Overall bakery score: 3 stars. The pan de muerto was amazingly soft, and I wanted to lay my head against it. Too bad it had a weird, slick-butter aftertaste.

Sixth stop: Saks, Lamartine 526, esq. con Campos Eliseos, Col. Polanco

Bread and pastries from Saks, a restaurant in Col. Polanco, Mexico City

The good: Friends have recommended Saks’ conchas, but I wasn’t sure if the place offered sweet bread to-go, since it’s a restaurant. Luckily, the friendly hostess showed me to the back counter, where rows of sweet bread rested on baking sheets. Julie raved about the corn muffins, so we picked two of those, a sugary twisty thing covered in nuts, and a concha to go.

The bad: Back at Julie’s, we tried the concha first, and part of me wanted to spit it out. (Sorry, I’m juvenile.) The topping hinted of something I’d clean the floors with. I think there was anise in there somewhere, but I didn’t want to take another bite to figure it out.

An assortment of pastries from Saks, a restaurant in Col. Polanco, Mexico City. The corn muffins rule.

Overall concha score: 2. (Julie gave it 1.5.)
Overall bakery score: I don’t necessarily know on this one. The sugary twisty thing had a strange smoky, meaty taste (Julie said: “This tastes like Totinos sausage pizza”), but the corn muffins rocked. It was like corn pudding in a muffin shape — spongey, hefty, and intensely corn-y.

Here’s one more photo, because you seriously have to see.

A corn muffin from Saks restaurant in Col. Polanco, Mexico City

Seventh and last stop: Da Silva, Oscar Wilde 12, in the Centro de Polanco, Col. Polanco

DaSilva, a stylish bakery in Col. Polanco, Mexico City

The good: DaSilva is a sophisticated, French-inspired bakery boutique. Women with Tori Burch shoes shop here. (I saw one.) They’ve got all kinds of crusty artisan breads, and baguettes, pretzels, macarons, chocolates. And conchas.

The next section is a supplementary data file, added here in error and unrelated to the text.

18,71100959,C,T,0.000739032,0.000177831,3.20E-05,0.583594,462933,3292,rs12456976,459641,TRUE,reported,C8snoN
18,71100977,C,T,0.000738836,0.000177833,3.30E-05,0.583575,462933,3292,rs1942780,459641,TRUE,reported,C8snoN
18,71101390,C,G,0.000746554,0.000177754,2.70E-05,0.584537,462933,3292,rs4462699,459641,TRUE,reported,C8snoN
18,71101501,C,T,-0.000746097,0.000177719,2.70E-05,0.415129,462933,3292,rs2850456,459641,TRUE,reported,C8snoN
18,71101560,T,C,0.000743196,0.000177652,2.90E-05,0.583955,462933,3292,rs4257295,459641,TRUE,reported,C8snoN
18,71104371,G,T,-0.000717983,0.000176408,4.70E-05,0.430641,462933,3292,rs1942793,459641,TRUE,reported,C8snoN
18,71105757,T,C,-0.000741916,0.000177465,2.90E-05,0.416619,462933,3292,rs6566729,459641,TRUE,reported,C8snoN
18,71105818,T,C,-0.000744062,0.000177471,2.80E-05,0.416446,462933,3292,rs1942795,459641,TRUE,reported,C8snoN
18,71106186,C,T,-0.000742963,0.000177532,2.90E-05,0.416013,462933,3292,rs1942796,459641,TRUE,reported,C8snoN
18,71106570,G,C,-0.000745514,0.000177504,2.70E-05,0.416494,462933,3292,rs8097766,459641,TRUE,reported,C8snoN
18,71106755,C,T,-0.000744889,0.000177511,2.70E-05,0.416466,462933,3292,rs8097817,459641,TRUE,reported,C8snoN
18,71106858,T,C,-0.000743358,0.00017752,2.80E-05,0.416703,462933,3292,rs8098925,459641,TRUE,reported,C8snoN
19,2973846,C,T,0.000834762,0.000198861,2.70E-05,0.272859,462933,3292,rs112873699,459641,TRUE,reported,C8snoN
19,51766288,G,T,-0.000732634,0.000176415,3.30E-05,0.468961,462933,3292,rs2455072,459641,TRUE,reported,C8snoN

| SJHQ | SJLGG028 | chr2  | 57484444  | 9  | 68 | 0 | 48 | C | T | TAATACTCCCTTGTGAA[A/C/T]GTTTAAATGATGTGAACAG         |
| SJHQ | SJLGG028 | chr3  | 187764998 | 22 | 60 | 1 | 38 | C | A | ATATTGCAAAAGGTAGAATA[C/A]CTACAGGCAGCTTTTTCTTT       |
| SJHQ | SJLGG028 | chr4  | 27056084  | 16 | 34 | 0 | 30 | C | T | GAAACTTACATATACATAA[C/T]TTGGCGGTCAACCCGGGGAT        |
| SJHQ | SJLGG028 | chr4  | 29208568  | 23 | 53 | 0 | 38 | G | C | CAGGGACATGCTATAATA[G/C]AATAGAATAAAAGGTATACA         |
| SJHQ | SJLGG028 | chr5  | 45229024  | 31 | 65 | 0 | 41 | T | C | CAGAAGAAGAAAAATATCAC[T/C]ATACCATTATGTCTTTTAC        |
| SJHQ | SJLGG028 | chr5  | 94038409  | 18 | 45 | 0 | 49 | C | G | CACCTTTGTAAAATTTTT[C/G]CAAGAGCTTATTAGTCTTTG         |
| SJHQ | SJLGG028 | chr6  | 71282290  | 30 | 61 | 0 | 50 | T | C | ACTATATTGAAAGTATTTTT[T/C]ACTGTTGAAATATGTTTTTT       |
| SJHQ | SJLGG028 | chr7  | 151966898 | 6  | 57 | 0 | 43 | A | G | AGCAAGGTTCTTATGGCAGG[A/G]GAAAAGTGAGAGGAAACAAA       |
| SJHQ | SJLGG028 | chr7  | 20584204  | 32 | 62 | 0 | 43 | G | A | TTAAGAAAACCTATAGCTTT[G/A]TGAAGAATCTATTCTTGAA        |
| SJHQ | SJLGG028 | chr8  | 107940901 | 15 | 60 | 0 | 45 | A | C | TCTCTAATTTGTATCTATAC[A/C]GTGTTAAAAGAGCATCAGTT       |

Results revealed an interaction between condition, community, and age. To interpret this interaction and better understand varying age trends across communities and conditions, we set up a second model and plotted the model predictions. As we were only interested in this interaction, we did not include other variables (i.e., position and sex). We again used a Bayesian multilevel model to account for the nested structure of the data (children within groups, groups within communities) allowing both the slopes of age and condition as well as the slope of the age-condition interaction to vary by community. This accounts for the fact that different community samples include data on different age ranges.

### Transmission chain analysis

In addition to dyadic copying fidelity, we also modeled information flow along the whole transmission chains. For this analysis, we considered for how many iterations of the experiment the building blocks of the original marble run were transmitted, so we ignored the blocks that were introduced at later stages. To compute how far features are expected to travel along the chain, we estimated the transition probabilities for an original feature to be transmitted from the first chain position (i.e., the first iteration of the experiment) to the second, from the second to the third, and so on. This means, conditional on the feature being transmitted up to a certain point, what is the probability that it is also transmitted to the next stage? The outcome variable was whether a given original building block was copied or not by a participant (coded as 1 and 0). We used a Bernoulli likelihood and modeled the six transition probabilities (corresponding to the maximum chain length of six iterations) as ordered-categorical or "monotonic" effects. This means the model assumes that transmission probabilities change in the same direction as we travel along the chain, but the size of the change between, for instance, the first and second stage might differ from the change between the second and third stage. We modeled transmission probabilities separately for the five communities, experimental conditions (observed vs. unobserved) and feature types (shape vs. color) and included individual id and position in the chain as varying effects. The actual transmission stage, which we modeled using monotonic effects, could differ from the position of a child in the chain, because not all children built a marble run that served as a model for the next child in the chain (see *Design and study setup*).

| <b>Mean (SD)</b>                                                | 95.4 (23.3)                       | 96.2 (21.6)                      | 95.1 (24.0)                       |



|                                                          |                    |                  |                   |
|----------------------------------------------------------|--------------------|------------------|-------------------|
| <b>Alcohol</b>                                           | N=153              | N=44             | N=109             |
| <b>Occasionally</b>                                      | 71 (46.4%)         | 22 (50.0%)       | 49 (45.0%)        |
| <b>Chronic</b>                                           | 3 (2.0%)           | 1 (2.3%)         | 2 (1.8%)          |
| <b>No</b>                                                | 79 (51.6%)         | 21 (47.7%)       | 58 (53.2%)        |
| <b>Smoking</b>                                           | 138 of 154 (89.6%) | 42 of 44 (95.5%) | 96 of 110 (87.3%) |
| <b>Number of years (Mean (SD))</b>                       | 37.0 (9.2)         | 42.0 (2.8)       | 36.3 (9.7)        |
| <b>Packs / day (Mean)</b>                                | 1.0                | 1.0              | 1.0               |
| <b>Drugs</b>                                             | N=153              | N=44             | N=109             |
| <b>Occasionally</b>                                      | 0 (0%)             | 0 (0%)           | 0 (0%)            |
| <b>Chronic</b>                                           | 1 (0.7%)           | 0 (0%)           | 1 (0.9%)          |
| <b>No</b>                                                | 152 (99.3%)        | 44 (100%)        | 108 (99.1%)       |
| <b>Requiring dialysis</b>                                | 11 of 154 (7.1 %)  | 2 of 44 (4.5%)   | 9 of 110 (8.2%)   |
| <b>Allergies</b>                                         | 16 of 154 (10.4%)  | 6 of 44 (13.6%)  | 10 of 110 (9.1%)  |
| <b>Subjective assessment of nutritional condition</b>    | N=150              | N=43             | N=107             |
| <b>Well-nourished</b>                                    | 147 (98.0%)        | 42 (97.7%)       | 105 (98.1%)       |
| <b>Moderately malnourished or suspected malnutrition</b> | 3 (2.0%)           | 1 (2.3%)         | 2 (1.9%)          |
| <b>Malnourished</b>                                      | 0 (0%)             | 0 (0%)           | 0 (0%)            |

The bad: The space is the size of a Polanco mansion’s walk-in closet, so be careful where you wield those tongs.

A concha from DaSilva, a bakery in Col. Polanco, Mexico City

Overall concha score: 4. The topping was unusually crunchy, almost cracker-crunchy. I liked it. And it had a light, subtle taste. It’s didn’t bop you over the head with the fact that it’s made with butter. Actually, if this was French-made concha, I’m sure it was bored with this entire, banal contest. I’m sure it sighed and said, “Here I am. Love me or not. It’s your choice.” We chose love.

Overall bakery score: 4.5. I adore stylish bakeries. Whenever I get some faux Tori shoes, I am so going here. (Or next time I want some really good, crusty bread. And a pretzel.)

Overall Rankings

Best concha out of the places visited: By a sliver, DaSilva; 2nd place, Pastelería La Gran Via
Honorable mention for creativity: Casa Del Pan
Best bakery: DaSilva by a hair, then Casa Del Pan
Not visited today, but still the winner of them all: Bondy, Galileo 38, Col. Polanco

Pics of the two winning conchas, who are clearly exhausted after such a long day:

A concha from Pastelería La Gran Via, left, leans on a concha from DaSilva. Both are bakeries in Mexico City.

Ok, so help me, you guys. Where should I go for round 3? You know this ain’t over.

20 Responses to “The Mexican concha roll taste test, round two”